A World Less Certain | A New Civil War

The generational battle lines are drawn as the war of social distancing rages on

There is a great divide in our country. And it’s not the chasm between rich and poor, conservative and liberal, meat-eaters and vegans, or even atheists and people of faith.

Until recently, a vast majority of us were united in the fight to protect all Americans from the 2020 pandemic. Unfortunately, after only a couple of months, people are beginning to coalesce into opposing camps of thought. Those who wear masks and adhere to the six-feet social distancing rule, and those who believe it is a fundamental human right to be unmasked and free to roam.

The conflict exists in our neighborhoods, small towns, and big cities all over the world. Weaponized eyes peering over masks. Disapproving gazes. Sharp stares. The fight is person to person, one encounter at a time.

Changing Sides As We Assess Our Personal Risk

A disturbing shift in our collective will to defeat the spread of COVID-19 has emerged. The data is mounting, indicating who is most at risk of severe physical impairment and death. The evidence also reveals those of us who have little to fear, even after testing positive for the “killer virus.”

The coronavirus targets cancer patients, and those with severe lung and heart conditions and has a voracious appetite for the elderly (particularly over the age of 64). For them, the world must remain spaced – a gridiron of people wearing masks standing three-paces apart. But as the conflict heats up, their safety grid is rapidly becoming a waffle iron.

Those who reside in the low-risk group are beginning to switch sides in growing numbers – even knowing their failure to keep six-feet apart will likely put seniors six feet under.

Beachhead Mentality

COVID-19 is the instrument of war, but it’s not the enemy. We are the enemy. The main combatants are generational. There is a new Civil War in America – people are choosing sides in all 50 states.

A couple of weeks ago, the battlefront moved to our local beaches.

Los Angeles County shut down its beaches to help slow the rapid spread of the pandemic. Enforcement to keep people off the beaches is rigorous and strict. However, Orange Country relaxed the restriction, and tens of thousands of people responded by flooding Newport Beach and Huntington Beach. A Newport Beach resident complained that the onslaught of beachgoers reminded her of the crowds on the Fourth of July.

Some people wish us to believe that flooding the beaches is an act of civil disobedience – defending their right as humans to soak up the SoCal sun. One beach-city councilman called it essential for mental health.

With tacit approval by Orange County officials, over 80,000 people arrived at the beaches without masks. Beach towels and blankets covered the sand like a quilt, people laying side-by-side like sardines and clustered together under umbrellas as if it was any other summer day.

Beach Protests and Court Battles

California Governor, Gavin Newsom, ordered the closure of the Orange County shoreline, and the City of Huntington Beach retaliated by suing the state to reopen the beaches.

Last Friday, mounted police officers formed a line facing thousands of demonstrators along Pacific Coast Highway in Huntington Beach. They protested beach closures carrying signs and waving American flags – most of them standing elbow to elbow not wearing masks. One of them marked his surfboard with “Surfing is not a crime.”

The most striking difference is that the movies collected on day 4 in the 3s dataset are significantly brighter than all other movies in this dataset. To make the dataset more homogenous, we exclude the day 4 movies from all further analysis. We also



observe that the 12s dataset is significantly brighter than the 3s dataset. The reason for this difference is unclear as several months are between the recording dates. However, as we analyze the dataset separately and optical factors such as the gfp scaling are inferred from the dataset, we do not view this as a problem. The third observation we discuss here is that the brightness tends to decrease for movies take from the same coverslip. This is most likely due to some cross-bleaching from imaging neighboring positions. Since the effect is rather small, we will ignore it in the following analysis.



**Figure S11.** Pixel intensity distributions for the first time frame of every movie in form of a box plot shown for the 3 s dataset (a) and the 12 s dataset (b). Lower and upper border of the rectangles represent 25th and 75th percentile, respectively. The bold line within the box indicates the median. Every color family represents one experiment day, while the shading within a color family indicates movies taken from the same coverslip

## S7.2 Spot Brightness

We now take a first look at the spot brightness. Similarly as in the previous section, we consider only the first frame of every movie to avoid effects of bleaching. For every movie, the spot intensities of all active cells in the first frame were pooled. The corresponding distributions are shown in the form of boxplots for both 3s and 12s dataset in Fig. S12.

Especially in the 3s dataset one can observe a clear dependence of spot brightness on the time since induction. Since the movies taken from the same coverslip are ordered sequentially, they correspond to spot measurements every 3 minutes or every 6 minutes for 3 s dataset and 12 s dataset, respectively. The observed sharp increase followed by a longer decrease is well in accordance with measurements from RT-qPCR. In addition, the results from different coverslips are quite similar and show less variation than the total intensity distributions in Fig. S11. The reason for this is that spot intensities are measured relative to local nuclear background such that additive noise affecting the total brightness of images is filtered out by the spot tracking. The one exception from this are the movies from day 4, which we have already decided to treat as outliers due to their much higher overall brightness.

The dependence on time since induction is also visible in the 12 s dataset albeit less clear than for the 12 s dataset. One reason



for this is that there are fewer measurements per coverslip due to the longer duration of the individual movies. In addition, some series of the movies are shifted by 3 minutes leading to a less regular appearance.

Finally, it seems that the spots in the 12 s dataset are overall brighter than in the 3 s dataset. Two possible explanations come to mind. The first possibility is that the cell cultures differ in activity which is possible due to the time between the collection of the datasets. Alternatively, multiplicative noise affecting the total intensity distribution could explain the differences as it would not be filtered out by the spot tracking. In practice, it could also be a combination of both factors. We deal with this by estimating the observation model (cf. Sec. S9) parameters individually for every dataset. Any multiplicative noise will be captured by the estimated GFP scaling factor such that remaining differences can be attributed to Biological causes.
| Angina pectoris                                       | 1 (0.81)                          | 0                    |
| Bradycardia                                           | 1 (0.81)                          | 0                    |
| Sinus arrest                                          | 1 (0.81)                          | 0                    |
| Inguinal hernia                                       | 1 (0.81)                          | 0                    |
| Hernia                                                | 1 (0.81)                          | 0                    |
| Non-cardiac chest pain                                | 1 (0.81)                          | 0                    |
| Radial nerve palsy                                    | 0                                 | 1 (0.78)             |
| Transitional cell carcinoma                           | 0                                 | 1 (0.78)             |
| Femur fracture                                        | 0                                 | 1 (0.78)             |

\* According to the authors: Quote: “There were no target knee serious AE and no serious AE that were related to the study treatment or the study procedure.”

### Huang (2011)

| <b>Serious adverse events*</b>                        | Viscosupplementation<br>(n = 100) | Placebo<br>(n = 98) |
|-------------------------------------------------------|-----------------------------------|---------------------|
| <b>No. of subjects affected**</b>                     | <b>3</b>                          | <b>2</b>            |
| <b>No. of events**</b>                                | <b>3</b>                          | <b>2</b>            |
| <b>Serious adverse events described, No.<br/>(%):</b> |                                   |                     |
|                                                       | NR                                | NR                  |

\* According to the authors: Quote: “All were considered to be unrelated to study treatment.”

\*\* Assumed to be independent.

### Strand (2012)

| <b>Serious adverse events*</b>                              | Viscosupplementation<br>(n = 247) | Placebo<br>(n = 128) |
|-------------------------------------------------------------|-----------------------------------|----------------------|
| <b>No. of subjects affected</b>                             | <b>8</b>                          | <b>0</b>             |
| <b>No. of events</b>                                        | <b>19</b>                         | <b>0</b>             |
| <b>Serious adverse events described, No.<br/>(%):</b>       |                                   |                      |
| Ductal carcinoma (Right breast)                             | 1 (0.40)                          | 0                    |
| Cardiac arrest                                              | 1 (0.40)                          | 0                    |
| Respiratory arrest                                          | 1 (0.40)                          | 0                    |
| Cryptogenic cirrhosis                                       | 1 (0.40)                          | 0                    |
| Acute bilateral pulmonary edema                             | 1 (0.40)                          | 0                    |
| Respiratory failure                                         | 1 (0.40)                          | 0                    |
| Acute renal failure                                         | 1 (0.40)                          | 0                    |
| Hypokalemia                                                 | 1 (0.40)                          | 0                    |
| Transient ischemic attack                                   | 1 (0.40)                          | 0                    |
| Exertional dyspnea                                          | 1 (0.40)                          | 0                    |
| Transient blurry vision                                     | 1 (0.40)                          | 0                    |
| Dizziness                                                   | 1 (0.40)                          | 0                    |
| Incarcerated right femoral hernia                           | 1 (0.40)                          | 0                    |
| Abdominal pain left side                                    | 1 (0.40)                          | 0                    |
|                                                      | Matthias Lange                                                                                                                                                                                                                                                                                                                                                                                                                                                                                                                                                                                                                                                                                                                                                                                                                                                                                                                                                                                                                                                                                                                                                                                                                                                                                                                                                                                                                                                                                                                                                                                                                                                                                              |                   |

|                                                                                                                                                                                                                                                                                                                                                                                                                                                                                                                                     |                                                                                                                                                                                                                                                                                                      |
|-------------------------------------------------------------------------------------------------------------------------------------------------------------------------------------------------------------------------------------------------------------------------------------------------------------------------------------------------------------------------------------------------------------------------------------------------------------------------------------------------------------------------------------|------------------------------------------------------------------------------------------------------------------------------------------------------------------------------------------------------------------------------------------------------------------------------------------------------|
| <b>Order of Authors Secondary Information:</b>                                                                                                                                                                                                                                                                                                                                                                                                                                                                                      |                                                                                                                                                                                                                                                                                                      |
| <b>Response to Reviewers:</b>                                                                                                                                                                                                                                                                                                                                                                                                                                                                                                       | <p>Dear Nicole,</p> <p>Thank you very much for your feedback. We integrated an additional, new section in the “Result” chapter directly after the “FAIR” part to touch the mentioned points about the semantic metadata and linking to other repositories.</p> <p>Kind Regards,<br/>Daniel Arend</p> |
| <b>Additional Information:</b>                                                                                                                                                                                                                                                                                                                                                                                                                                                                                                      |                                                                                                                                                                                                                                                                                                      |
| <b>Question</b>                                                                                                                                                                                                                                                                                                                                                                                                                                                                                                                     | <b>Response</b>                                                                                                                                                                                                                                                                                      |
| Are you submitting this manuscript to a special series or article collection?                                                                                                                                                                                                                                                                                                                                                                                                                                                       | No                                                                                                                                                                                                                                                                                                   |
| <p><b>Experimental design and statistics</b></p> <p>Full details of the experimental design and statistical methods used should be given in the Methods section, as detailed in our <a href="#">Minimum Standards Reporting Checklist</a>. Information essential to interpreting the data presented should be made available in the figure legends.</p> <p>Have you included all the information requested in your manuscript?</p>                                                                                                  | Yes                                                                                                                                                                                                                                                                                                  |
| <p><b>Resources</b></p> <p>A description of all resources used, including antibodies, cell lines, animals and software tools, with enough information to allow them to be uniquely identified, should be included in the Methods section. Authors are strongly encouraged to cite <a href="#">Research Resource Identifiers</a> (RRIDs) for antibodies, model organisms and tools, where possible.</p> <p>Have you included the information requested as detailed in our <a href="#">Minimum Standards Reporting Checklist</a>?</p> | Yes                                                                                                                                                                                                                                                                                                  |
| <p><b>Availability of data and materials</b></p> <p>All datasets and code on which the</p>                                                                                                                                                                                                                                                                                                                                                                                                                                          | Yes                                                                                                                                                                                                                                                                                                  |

The State Senator, John Moorlach, whose district includes Newport Beach and Huntington Beach, compared the spread of coronavirus to the risk everyone takes while driving an automobile. “I put on my safety belt,” he said. For those at risk during the pandemic, he suggests “If you are vulnerable then you ought to stay in place.” Using Moorlach’s logic, the “vulnerable” should quarantine themselves, presumably until everyone has spread the virus.

A quick kill is always more humane.

Are We All In This Together?

The world is less certain than it was in February (3 months ago), especially for the elderly.

There is growing pressure to reopen our country at a time when a vaccine is still not available, and the number of new reported cases and deaths has not yet subsided. Meanwhile, our resolve to fight the pandemic is rapidly deteriorating. In recent weeks, it has become a quagmire of playing politics during an election year.

The “death curve” for coronavirus has begun to flatten due to the shutdown of non-essential businesses and gathering places. People are eager to return to what they had. During the Spanish Flu a century ago, the actions of restless city populations to resume a normal life caused three waves of massive fatalities – the second being the deadliest.

The muck of a hard life is unfamiliar to most of us. Not enough of us. A significant segment of the world population experiences poverty while the homeless population continues to rise in America. We all want another chance to get it right.

In any war, the battleground is soaked with blood. Who will win the pandemic-induced Civil War? The answer is written in the annuals of history. The strong generally prevail, at the beginning.

 

Author Rick Thomas is the former museum curator and vice-chair of education for the South Pasadena Preservation Foundation. He served on the South Pasadena Natural Resources Commission, helping to maintain a strict policy protecting the city’s great old-growth trees. Using touchstone photographs from his own collection—one of the San Gabriel Valley’s largest accumulations of historical images and artifacts—as well as national, state, and local historical archives, Thomas provides a window to his city’s past and an understanding of why its preservation is so important.